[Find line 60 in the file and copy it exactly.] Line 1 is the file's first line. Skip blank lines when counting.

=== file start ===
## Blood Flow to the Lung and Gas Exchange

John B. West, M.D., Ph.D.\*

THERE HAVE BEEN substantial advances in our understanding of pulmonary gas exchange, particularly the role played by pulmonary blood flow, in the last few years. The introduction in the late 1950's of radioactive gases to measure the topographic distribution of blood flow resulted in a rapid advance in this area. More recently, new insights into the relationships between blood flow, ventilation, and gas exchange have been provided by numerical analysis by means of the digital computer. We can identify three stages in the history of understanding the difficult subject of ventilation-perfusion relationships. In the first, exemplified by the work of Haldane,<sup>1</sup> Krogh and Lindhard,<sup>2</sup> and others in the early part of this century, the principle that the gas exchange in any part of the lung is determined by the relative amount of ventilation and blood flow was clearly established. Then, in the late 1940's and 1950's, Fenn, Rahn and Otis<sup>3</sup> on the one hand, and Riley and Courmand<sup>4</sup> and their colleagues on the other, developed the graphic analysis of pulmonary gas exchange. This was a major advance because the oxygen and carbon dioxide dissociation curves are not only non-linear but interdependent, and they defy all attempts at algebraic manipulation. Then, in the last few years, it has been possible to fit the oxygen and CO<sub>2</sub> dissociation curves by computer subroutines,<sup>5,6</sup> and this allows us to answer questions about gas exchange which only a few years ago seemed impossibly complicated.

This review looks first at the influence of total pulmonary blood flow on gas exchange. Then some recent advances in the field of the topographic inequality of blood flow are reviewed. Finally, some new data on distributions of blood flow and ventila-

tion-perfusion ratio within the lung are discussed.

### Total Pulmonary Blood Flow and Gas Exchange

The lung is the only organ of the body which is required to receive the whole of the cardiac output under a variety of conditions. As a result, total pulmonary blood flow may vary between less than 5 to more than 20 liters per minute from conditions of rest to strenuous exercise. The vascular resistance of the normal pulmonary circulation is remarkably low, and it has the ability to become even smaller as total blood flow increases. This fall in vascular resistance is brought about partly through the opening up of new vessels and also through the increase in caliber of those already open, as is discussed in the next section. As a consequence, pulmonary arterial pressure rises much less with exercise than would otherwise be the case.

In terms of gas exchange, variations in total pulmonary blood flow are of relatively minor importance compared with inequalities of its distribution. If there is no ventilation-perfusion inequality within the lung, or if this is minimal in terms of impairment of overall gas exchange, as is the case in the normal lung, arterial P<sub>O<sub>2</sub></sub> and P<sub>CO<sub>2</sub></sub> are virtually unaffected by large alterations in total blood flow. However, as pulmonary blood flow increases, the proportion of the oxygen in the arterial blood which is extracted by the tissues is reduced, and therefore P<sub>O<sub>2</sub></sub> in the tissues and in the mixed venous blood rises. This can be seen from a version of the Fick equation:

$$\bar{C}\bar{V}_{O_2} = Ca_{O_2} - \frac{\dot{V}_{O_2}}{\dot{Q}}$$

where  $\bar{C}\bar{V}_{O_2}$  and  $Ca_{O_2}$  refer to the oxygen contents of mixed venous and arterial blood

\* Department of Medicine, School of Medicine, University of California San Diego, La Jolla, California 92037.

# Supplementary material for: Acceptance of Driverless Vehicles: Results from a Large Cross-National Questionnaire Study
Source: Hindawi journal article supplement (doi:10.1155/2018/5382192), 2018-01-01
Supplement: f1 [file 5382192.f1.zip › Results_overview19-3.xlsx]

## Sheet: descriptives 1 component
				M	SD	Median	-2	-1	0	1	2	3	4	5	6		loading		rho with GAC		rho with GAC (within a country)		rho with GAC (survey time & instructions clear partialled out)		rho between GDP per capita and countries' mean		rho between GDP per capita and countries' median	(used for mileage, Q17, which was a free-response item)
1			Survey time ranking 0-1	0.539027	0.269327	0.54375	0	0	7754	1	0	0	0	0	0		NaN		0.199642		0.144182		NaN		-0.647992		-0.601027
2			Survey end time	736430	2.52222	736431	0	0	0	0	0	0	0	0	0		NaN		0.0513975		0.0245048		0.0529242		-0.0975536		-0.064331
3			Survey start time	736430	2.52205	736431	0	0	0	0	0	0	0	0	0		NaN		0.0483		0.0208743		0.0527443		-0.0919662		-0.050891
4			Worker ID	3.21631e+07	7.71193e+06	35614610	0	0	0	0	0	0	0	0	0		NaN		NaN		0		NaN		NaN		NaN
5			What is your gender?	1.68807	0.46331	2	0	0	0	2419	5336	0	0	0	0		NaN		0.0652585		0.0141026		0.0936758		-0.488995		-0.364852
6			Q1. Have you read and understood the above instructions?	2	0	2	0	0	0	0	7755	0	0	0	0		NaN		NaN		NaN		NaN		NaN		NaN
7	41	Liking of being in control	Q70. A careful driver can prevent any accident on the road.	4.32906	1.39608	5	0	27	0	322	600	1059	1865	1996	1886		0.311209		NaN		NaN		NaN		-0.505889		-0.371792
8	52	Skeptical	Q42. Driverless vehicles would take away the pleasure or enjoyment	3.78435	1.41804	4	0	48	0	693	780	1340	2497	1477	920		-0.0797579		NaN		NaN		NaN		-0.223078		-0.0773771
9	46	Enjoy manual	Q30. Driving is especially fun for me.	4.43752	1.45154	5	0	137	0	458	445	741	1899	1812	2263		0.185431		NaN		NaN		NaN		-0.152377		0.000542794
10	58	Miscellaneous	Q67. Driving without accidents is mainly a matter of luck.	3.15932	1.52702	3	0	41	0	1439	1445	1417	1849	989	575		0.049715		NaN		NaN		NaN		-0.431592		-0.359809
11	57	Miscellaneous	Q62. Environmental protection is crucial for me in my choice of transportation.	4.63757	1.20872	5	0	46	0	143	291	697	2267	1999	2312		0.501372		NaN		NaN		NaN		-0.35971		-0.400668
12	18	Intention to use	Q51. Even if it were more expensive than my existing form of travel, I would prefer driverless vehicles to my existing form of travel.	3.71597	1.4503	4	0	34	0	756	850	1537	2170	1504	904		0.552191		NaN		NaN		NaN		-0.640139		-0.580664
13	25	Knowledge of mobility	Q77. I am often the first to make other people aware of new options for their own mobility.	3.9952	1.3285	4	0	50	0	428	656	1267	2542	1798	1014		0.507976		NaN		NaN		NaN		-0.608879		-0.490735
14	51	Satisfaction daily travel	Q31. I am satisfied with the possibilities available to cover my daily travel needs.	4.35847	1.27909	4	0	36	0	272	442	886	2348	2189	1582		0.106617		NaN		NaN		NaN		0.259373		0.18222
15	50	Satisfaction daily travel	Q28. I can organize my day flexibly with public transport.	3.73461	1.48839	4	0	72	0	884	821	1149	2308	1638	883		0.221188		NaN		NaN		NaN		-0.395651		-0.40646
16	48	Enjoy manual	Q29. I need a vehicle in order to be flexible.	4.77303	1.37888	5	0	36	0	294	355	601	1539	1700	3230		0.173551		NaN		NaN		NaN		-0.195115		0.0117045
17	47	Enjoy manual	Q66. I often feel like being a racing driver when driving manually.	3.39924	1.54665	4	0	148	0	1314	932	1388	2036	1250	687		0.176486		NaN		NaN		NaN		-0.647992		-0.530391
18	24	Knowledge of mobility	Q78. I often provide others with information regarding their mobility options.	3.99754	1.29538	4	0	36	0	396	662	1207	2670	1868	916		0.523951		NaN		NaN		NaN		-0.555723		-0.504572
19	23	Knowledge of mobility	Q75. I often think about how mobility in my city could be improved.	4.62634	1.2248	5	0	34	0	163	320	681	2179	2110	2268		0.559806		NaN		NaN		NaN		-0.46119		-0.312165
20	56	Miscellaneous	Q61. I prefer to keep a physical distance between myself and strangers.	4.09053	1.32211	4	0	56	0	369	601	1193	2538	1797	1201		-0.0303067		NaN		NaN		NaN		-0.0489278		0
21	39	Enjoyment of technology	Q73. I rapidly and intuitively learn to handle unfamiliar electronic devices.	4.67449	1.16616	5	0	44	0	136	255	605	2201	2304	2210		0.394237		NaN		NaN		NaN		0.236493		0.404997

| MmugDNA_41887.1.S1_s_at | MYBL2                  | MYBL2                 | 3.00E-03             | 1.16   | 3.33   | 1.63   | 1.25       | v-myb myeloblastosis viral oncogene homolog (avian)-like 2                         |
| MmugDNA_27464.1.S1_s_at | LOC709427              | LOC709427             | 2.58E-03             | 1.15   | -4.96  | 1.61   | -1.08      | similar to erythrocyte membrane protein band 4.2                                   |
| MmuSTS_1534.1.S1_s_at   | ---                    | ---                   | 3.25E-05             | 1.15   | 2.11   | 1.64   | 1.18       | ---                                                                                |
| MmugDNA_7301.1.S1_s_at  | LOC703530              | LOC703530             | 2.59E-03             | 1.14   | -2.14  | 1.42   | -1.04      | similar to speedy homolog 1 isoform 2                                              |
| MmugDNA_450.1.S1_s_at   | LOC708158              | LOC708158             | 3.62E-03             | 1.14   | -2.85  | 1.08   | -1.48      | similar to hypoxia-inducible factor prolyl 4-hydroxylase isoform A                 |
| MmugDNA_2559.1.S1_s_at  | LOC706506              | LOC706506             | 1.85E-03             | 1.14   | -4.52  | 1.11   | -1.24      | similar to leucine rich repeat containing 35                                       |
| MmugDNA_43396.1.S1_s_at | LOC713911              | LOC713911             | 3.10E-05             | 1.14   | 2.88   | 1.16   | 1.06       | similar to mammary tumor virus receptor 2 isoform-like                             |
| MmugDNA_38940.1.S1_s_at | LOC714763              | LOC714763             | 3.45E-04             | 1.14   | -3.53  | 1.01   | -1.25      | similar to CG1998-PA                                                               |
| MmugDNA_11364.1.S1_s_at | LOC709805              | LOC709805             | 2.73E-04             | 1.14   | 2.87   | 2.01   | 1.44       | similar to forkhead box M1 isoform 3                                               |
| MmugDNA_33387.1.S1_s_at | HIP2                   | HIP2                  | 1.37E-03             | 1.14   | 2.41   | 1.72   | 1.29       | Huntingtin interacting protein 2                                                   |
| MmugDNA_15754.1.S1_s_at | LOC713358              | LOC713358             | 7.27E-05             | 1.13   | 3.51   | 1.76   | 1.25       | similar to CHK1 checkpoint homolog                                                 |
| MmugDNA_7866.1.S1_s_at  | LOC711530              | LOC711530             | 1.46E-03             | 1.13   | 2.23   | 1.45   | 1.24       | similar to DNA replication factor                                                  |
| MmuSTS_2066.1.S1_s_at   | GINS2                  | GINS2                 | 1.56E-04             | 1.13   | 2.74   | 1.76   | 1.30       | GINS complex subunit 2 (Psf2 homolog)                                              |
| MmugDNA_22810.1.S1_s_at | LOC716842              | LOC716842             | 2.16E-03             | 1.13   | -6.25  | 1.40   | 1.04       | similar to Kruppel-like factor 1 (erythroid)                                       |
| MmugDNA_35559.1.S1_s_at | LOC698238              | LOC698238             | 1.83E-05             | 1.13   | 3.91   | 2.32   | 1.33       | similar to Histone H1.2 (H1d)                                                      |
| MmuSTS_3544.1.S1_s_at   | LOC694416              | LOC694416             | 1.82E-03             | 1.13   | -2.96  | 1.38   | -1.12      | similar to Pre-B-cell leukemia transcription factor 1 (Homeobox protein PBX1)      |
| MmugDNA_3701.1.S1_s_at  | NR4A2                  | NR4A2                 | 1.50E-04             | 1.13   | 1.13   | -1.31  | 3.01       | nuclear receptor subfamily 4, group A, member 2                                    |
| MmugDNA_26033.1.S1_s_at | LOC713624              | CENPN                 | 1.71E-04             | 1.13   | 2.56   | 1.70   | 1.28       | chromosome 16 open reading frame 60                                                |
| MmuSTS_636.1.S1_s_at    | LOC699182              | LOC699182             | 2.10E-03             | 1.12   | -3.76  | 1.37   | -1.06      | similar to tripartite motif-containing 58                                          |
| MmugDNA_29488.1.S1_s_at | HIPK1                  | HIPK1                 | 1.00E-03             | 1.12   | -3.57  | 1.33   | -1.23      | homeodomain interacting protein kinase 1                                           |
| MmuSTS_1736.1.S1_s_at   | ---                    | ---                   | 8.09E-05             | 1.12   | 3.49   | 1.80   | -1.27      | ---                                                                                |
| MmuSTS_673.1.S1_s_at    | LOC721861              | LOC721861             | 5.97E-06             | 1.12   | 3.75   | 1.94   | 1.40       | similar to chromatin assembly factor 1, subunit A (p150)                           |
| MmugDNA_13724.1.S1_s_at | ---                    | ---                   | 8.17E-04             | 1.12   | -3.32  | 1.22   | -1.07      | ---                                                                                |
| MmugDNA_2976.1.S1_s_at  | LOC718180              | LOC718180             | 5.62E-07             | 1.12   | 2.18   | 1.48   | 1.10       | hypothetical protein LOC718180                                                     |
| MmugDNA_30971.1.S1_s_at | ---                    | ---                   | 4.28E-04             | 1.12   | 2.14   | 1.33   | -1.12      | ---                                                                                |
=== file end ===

| MmugDNA_13724.1.S1_s_at | ---                    | ---                   | 8.17E-04             | 1.12   | -3.32  | 1.22   | -1.07      | ---                                                                                |